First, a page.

Despite many efforts, football will never be a safe sport.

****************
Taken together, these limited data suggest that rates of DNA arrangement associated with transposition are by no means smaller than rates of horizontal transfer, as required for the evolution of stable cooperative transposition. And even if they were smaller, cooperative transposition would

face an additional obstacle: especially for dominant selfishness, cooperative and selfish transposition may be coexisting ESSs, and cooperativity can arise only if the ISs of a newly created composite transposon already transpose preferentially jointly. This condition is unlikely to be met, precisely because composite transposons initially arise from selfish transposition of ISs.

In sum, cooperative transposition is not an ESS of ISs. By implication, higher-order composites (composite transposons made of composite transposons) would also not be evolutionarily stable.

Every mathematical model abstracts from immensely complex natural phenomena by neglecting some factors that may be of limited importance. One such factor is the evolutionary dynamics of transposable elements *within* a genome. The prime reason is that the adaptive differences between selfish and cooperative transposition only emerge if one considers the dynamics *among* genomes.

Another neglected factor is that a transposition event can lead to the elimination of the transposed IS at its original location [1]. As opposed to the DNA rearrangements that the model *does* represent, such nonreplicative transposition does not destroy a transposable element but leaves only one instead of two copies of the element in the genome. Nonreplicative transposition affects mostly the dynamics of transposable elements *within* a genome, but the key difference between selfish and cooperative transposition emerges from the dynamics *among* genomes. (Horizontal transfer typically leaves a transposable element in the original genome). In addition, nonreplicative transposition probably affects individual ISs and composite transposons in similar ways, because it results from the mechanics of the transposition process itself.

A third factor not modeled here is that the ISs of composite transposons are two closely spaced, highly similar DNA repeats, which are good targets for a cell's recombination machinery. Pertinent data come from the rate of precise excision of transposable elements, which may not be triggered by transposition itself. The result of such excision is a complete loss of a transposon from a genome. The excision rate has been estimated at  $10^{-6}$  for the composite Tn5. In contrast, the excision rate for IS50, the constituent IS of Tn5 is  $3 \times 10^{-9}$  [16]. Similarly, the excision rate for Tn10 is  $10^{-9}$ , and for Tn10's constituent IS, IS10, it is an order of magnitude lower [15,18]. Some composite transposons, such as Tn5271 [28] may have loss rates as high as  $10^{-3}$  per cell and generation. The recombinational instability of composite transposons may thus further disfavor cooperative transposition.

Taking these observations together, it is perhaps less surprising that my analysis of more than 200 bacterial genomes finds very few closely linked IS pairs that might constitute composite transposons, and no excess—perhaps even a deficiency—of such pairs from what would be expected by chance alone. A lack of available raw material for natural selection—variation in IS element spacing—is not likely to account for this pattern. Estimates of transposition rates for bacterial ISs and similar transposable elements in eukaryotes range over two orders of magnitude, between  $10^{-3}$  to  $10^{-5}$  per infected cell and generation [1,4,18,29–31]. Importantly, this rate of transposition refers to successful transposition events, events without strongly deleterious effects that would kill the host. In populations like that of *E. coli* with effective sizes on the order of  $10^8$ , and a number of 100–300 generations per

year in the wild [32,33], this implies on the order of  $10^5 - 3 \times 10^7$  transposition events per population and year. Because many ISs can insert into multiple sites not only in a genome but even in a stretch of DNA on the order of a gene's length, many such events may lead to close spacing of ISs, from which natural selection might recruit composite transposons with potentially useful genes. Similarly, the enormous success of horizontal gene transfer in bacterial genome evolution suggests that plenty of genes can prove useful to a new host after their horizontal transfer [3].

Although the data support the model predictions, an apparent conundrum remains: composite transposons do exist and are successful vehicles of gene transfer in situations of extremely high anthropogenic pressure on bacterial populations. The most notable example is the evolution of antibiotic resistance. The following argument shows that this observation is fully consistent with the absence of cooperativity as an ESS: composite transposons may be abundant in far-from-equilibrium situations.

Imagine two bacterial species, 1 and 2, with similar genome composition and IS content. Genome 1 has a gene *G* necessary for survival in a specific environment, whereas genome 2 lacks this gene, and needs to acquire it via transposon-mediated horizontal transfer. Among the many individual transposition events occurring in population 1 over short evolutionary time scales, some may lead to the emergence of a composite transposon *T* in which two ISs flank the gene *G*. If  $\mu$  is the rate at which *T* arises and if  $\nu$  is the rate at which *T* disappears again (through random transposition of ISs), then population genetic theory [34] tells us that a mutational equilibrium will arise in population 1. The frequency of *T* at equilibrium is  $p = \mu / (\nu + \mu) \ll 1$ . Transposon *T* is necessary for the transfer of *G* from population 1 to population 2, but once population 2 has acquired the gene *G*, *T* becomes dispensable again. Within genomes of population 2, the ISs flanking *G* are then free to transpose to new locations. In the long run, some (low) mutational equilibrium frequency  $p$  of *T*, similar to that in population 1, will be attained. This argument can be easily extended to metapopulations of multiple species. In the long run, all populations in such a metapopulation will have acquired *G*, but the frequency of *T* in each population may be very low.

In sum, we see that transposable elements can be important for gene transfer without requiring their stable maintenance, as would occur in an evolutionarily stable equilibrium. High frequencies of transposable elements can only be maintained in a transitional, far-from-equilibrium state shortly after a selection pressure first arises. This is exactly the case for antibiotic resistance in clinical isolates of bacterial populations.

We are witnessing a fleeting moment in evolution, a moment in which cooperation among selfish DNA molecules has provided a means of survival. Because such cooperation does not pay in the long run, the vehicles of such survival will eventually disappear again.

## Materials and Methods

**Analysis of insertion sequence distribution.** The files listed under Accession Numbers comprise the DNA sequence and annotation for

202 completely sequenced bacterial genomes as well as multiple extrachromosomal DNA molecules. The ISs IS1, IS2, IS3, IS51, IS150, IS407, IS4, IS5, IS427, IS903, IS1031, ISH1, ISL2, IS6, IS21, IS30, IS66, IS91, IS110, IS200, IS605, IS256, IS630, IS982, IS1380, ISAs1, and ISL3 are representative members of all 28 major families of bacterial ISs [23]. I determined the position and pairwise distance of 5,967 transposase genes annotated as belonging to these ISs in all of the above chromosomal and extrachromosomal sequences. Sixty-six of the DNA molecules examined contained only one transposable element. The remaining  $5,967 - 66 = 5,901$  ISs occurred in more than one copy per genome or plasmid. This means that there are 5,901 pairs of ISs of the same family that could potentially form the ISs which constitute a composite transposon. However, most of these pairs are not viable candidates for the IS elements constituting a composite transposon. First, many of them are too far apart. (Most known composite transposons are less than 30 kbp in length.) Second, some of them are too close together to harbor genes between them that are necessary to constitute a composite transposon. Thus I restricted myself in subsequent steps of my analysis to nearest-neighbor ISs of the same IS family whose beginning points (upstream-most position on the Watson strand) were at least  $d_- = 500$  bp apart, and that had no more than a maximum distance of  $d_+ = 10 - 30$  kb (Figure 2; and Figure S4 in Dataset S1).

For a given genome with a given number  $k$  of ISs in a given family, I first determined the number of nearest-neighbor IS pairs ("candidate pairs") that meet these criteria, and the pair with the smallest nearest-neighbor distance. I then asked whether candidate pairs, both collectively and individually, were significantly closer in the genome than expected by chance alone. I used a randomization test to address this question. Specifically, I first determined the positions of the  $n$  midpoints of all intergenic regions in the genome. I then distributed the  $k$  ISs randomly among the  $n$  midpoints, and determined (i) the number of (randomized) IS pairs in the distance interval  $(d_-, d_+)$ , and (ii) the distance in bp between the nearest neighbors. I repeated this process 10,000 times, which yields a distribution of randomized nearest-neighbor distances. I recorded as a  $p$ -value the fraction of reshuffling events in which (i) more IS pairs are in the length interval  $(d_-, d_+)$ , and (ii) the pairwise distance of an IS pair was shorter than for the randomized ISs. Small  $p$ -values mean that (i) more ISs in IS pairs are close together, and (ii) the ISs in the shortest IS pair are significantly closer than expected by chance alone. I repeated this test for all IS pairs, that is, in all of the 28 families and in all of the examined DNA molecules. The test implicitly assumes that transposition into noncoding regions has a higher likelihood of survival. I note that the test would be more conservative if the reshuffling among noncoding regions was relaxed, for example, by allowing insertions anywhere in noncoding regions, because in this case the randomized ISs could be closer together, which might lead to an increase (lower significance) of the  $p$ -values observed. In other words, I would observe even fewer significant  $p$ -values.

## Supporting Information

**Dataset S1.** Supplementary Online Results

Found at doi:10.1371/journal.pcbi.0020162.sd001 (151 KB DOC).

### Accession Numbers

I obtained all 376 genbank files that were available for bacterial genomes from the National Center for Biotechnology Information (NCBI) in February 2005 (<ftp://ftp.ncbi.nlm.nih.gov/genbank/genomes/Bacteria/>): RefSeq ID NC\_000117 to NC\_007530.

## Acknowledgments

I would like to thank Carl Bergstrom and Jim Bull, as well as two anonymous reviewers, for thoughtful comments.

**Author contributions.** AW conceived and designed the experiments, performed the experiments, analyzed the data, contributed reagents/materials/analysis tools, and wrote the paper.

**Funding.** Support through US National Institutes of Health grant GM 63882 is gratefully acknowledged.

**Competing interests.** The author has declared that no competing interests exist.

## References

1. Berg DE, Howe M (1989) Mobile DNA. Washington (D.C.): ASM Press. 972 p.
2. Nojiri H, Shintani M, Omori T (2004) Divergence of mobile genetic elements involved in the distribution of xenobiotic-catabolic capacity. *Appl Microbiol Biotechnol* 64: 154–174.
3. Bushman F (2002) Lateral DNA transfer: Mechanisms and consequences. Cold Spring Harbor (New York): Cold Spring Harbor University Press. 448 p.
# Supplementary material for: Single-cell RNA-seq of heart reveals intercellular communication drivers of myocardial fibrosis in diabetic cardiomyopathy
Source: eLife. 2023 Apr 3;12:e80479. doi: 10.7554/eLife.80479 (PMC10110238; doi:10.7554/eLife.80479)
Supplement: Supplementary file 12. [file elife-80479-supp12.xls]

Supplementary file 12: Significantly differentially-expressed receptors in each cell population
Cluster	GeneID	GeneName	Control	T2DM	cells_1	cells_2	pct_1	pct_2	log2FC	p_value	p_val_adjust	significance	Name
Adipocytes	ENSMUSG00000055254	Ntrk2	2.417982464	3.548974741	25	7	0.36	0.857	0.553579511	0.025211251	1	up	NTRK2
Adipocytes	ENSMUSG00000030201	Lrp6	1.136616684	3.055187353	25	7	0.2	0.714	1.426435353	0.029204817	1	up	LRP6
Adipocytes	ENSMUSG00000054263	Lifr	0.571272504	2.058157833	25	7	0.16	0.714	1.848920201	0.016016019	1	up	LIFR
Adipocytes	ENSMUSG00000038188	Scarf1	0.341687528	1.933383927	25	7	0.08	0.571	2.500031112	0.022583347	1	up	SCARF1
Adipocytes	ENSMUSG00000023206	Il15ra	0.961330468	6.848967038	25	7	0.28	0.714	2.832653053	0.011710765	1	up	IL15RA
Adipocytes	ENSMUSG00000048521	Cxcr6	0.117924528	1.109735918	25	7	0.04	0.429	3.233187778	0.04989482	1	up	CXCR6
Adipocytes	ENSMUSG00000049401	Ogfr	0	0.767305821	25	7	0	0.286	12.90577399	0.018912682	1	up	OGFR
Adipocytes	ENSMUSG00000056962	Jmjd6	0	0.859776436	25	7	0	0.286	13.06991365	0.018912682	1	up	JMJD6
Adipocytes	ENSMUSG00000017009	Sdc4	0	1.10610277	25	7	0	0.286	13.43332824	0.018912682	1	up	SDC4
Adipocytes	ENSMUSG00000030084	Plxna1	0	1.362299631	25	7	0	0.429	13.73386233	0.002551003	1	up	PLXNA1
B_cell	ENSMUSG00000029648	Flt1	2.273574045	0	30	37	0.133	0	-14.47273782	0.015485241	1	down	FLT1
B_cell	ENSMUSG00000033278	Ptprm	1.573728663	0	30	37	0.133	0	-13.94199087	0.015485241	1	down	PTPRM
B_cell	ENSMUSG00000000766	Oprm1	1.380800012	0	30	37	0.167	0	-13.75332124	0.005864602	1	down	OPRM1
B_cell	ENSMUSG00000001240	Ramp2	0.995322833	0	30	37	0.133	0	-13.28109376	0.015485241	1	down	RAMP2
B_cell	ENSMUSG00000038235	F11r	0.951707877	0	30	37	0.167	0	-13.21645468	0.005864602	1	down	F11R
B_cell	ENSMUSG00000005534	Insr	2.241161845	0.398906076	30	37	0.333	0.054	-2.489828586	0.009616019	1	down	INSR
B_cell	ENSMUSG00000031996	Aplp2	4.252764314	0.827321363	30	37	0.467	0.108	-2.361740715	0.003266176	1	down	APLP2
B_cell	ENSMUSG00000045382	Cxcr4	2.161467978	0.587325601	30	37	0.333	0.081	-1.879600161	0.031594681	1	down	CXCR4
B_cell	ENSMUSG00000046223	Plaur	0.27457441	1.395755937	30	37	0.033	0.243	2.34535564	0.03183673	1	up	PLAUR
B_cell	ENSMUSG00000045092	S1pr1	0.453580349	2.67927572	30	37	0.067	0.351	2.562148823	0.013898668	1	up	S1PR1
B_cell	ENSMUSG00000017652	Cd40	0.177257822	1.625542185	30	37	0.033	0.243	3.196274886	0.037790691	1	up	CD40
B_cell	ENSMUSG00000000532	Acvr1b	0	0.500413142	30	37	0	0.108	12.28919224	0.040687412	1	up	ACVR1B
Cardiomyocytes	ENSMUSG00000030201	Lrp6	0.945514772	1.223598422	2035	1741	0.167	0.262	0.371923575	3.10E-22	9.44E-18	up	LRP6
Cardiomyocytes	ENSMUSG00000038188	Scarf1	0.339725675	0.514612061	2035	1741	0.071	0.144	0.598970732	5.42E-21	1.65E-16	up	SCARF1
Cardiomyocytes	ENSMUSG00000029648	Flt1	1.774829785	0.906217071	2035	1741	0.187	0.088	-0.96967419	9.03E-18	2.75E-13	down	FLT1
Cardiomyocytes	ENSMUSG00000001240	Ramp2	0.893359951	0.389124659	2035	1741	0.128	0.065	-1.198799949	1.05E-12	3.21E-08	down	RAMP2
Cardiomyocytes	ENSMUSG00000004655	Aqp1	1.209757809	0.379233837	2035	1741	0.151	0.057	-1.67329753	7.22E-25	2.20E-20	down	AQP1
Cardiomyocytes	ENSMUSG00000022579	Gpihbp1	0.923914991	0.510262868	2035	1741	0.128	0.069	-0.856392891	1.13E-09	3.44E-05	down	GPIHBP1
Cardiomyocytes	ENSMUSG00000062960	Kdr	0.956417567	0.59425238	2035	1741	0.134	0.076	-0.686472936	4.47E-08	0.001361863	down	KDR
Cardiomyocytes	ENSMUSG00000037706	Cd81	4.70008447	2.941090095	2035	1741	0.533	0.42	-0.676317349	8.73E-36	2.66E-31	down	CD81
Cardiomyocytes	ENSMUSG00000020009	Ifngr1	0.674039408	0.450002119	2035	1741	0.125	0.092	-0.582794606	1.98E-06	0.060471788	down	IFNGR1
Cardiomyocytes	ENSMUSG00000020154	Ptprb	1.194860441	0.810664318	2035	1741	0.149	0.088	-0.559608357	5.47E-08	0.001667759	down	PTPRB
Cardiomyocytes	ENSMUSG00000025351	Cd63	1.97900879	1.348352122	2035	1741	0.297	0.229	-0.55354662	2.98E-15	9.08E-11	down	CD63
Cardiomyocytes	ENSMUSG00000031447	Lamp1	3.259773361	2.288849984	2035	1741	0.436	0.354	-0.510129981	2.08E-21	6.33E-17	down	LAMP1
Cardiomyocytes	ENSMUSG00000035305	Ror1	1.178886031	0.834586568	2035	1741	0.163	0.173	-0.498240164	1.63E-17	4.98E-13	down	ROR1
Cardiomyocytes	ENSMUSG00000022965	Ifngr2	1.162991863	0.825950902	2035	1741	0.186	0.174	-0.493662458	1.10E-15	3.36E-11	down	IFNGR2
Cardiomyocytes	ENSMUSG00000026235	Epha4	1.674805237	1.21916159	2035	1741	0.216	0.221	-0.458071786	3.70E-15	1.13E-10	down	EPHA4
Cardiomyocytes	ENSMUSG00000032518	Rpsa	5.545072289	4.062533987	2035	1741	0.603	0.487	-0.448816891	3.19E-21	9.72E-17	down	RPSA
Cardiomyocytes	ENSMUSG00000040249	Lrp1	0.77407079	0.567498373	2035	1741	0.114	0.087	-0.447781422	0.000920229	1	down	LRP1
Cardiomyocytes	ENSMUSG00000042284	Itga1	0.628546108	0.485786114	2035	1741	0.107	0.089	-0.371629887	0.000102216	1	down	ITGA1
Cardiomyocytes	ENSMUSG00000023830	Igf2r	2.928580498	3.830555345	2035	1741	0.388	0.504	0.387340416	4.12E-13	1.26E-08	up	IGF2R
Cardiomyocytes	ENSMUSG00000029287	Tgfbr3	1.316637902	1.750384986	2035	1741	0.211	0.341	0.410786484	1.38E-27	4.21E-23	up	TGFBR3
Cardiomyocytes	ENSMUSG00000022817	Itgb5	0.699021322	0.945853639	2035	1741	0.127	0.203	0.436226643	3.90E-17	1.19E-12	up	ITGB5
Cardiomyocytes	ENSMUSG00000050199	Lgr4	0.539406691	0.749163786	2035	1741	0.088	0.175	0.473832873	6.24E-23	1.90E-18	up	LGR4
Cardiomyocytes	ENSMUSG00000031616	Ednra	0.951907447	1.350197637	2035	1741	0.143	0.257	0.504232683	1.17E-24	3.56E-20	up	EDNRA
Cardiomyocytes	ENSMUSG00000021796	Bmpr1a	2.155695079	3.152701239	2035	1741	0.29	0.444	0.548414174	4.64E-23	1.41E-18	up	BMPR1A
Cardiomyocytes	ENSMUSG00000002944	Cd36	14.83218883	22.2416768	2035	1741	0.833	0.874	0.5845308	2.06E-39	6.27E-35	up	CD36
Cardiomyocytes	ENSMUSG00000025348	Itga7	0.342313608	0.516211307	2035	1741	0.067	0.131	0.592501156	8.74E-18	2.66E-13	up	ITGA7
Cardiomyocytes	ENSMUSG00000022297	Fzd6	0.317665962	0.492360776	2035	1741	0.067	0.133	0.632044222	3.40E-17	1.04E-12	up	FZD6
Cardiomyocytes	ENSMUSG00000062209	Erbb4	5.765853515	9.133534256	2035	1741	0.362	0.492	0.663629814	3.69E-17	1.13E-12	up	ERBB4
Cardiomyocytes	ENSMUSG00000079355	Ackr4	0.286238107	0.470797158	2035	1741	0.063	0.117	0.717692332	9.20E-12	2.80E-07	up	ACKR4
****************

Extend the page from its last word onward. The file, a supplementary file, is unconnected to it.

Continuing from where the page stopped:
It started as just an ordinary preseason game. But one play made it anything but ordinary. The Oakland Raiders were playing the New England Patriots on August 12, 1978. Patriots wide receiver Darryl Stingley ran a slant pattern across the middle that left him an easy mark as he reached for an overthrown pass. Waiting for him was defensive back Jack Tatum, who considered himself the hardest hitter in football, meaner than the Chicago Bears' Dick Butkus, and the greatest outlaw to wear Oakland's villainous silver and black. Tatum considered two alternatives. "I could have attempted to intercept," he recalled in his book They Call Me Assassin, "but because of what the owners expect of me when they give me my paycheck, I automatically reacted to the situation by going for an intimidating hit." He once said, "My best hits border on felonious assault." Tatum's shoulders met his prey full bore, breaking the third and fourth vertebrae in Stingley's neck. "I wasn't expected to live," Stingley says today. A trainer with good intentions but poor technique yanked his helmet off while he lay on the field. His head was not immobilized as he was wheeled off the bumpy Oakland Coliseum field "like a bouncy figure on a string." After two weeks in the hospital he had developed "all the respiratory complications that are so common with these injuries. It wasn't until November, three months later, that I was out of the woods." The incident left him a quadriplegic. Stingley, then 26, was a first-round draft pick out of Purdue five years before. What would become of him? Stingley's injury was devastating, haunting, and final. But it was also the exception. Few of the 17,000 men who have played in the National Football League since 1920 have been crippled for life. But football -- and other professional sports -- is rife with serious injuries that end careers and affect the quality of players' lives.